ARM Industry Facing Challenges, Consumers Turning to Point of Sale Credit for Necessities
As we mentioned in our opening letter, ARM M&A activity is down in the first quarter of 2023 compared to both Q4 2022 (deals getting done for year-end) and Q1 2022. But that is not the only thing down this year. In contrast to 2022, American taxpayers are looking at a much smaller average tax return refund balance—11% smaller to be exact. Couple that with the previous year’s “pull through” or cleanup of older debts with stimulus funding/government tax credits, it is easy to fathom why liquidations are down across nearly all consumer-based asset classes.
When you factor in the position of a consumer today and the historic period of inflation we are living through, these currents impacting the ARM vertical make sense.
For example, groceries as a percentage of buy-now, pay-later (BNPL) order volume grew by nearly 26% in the first two months of 2023. Alarmingly, we are spotting a growing trend of consumers turning to point-of-sale credit for necessities—not just for discretionary spending like we saw during the pandemic. This trend is something our experts have been espousing as a potential “canary in the coal mine” of broader economic conditions, and we will continue to monitor it closely.
Through information we pulled from a report the CFPB put together in March of 2023, we found that consumers who do not use BNPL have consistently higher credit scores on average compared to those who did (chart included in the CFPB report). Nevertheless, with Apple entering the BNPL space with their announcement of Apple Pay Later, it will be interesting to monitor the segments utilizing point of sale credit and observe how that may evolve over time.
For those with prime credit ratings, things have held steady, but those near-prime segments—already more inclined to fall into the servicing of accounts receivable management firms—are beginning to waiver.
Switching gears slightly, a lawsuit between two household names gives us intriguing insights into the ARM vertical and its outlook.
Mega retailer Walmart recently filed a lawsuit in the Southern District of New York against Capital One with regard to their credit card partnership. Walmart claims that Capital One is in violation of some of their service requirements. Capital One objects to those claims. However, one of the more fascinating implications is that Walmart executives are rumored to have requested a renegotiation on the card contract—specifically around adjusting the loss-share agreement, which pertains to the portion of charge-offs that the retailer and the bank each shoulder, per the WSJ.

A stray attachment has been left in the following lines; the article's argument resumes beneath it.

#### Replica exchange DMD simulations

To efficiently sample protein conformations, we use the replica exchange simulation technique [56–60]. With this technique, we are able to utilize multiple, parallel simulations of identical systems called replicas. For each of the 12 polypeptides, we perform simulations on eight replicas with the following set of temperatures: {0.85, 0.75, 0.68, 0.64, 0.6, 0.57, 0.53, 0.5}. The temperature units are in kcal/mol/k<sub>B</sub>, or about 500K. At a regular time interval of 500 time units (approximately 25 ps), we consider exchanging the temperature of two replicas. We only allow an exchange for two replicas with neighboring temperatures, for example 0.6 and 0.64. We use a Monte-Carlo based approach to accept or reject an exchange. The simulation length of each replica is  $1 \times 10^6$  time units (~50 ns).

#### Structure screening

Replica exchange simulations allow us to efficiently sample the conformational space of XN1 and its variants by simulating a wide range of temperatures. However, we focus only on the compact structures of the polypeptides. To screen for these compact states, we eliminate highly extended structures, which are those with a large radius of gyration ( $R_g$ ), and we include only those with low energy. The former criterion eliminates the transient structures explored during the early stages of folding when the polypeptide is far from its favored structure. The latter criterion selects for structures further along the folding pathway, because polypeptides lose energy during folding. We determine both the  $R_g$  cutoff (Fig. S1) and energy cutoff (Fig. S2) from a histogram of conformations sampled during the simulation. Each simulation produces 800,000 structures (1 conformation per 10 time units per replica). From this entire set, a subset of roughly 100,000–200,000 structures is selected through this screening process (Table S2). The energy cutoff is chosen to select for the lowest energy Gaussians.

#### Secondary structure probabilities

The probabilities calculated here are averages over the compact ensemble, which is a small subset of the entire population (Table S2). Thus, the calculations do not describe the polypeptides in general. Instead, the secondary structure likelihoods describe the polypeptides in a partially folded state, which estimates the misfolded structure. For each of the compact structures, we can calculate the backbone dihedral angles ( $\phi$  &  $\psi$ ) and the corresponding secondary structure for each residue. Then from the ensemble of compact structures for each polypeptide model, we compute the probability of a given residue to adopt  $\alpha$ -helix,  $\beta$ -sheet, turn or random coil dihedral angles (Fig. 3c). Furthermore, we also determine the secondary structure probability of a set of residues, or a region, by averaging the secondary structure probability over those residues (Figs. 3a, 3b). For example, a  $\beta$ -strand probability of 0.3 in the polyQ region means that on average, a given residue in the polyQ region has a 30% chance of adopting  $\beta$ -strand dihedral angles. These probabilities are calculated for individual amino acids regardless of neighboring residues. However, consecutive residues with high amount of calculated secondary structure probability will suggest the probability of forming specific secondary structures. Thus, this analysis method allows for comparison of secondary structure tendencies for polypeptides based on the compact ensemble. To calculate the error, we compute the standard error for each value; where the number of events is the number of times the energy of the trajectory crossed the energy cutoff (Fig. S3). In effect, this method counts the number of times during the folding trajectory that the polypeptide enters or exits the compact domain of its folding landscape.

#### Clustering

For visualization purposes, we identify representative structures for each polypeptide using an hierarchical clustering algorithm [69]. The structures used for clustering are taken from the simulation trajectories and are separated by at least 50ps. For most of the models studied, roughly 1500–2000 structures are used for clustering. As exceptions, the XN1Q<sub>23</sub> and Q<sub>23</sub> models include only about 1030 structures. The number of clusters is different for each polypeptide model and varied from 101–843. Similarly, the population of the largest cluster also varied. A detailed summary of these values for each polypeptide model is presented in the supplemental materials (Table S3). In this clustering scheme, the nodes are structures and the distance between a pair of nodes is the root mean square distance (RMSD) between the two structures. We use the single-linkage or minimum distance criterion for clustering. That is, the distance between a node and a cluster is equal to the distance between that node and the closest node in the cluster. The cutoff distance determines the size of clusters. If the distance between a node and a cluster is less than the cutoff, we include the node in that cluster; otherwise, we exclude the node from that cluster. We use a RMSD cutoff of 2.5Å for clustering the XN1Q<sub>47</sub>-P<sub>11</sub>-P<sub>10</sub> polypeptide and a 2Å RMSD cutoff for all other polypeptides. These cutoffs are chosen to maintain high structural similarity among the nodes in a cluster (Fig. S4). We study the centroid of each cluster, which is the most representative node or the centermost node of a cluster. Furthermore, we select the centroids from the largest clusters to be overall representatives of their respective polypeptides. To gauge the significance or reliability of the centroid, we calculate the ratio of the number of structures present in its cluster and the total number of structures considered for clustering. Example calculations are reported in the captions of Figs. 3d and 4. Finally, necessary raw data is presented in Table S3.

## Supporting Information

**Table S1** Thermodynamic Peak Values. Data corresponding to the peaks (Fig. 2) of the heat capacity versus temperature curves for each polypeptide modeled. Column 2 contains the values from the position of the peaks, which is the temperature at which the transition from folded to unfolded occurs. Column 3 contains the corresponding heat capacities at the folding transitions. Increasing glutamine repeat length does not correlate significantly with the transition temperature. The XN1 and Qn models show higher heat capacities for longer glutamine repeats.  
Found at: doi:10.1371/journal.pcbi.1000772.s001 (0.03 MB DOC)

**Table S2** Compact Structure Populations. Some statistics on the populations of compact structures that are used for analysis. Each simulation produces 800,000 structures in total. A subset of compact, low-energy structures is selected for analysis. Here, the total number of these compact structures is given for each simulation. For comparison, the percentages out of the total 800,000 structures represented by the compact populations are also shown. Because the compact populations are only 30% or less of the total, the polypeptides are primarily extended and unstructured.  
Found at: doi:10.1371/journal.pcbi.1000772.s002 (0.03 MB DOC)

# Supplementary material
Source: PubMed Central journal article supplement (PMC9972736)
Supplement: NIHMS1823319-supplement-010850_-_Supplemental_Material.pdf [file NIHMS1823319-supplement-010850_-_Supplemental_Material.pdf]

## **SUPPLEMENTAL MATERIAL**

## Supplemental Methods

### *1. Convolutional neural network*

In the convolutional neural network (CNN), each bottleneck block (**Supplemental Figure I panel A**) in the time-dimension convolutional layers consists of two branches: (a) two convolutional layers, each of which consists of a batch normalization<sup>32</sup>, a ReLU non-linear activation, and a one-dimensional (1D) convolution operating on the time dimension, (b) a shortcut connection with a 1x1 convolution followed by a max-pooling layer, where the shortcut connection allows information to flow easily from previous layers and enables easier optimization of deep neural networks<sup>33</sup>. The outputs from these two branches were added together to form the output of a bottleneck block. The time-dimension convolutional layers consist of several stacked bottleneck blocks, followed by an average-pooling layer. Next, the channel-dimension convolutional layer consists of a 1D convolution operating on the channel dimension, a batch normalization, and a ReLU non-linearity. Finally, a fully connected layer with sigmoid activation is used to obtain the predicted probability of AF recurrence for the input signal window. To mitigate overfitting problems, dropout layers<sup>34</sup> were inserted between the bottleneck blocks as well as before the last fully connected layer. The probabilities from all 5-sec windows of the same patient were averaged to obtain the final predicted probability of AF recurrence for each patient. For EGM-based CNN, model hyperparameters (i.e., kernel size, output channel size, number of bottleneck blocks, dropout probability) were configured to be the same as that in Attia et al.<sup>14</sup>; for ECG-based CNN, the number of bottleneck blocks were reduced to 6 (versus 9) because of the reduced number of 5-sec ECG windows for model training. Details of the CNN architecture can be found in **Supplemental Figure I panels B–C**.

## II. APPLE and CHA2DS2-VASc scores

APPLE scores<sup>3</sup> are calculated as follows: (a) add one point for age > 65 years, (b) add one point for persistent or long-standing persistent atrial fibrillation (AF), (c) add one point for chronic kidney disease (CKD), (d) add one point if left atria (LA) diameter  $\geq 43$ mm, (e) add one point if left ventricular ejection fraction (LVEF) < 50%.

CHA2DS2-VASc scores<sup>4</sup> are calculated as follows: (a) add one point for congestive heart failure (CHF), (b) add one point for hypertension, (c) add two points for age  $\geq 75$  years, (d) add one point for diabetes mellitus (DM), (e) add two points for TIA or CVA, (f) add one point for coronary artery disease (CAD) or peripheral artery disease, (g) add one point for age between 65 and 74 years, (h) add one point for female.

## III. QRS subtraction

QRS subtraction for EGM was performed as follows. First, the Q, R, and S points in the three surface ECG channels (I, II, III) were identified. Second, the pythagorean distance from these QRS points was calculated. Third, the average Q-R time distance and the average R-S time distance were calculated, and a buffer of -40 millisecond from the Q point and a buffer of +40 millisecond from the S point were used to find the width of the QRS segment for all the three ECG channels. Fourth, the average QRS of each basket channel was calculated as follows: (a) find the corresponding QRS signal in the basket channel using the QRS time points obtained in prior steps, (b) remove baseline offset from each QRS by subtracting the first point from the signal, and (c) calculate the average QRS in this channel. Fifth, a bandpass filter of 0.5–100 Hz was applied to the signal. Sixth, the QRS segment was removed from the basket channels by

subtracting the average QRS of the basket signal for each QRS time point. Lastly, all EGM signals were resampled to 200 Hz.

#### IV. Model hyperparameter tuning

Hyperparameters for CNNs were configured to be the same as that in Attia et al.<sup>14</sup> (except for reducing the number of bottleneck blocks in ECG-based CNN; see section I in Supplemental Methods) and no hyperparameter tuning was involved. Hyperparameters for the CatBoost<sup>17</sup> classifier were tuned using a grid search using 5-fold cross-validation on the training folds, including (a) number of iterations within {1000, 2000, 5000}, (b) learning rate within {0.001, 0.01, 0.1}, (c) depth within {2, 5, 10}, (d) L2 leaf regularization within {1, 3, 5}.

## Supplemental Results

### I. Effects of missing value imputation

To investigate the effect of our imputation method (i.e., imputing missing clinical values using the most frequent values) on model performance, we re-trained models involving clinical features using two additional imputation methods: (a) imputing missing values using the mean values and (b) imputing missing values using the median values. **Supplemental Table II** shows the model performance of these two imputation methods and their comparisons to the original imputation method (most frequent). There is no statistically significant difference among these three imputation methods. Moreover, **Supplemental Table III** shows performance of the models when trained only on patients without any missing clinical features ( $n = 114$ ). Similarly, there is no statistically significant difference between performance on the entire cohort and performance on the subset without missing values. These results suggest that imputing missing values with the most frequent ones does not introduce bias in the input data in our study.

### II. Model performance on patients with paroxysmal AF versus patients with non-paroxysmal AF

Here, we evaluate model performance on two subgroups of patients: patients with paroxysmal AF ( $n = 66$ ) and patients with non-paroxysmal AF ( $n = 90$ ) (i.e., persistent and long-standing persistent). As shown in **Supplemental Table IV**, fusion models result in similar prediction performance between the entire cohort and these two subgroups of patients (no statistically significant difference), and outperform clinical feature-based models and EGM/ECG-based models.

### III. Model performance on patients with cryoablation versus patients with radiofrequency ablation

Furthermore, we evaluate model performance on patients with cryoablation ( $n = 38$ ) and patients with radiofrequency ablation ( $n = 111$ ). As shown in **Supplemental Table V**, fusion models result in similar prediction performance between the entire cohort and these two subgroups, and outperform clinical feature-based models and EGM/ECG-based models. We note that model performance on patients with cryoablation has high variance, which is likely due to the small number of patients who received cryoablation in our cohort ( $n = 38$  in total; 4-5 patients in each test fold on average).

Walmart is no stranger to litigating against its credit card partners. They sued Synchrony in 2018 who was their card partner for 20 years prior. This whole saga could be nothing, or it could be a compelling data point, as the largest retailer in America servicing lower income consumers begins to fear the size of a potential delinquency wave.
But it is not just Walmart credit card holders. All Americans are starting to feel the credit crunch, as revealed in a recent survey put out by the New York Fed regarding consumer expectations. According to the survey, there has been a rise in the estimated likelihood of individuals missing a minimum debt payment in the next three months, increasing from 10.6% in February 2023 to 10.9% in March 2023. Consumers and the broader economy are hanging on, but we will be tracking this trend to see if these numbers continue to tick up over the coming months.
In ARM M&A news that’s closer to home, we at CAS are proud to have closed a recent deal: the sale of a debt purchase platform. There is heightened interest surrounding the debt purchasing vertical. As volumes begin to pick up, more of these businesses are becoming available for purchase/service.
As for our ARM vertical predictions, we anticipate a continued wave of consolidation over the next 6-12 months, as owners contemplate their succession/next steps after a disappointing first quarter of 2023. Anecdotally, we are seeing (and facilitating) more and more conversations amongst strategic buyers, as smaller market participants (i.e., services and technology providers) are contemplating how the long-term future of the ARM vertical will look.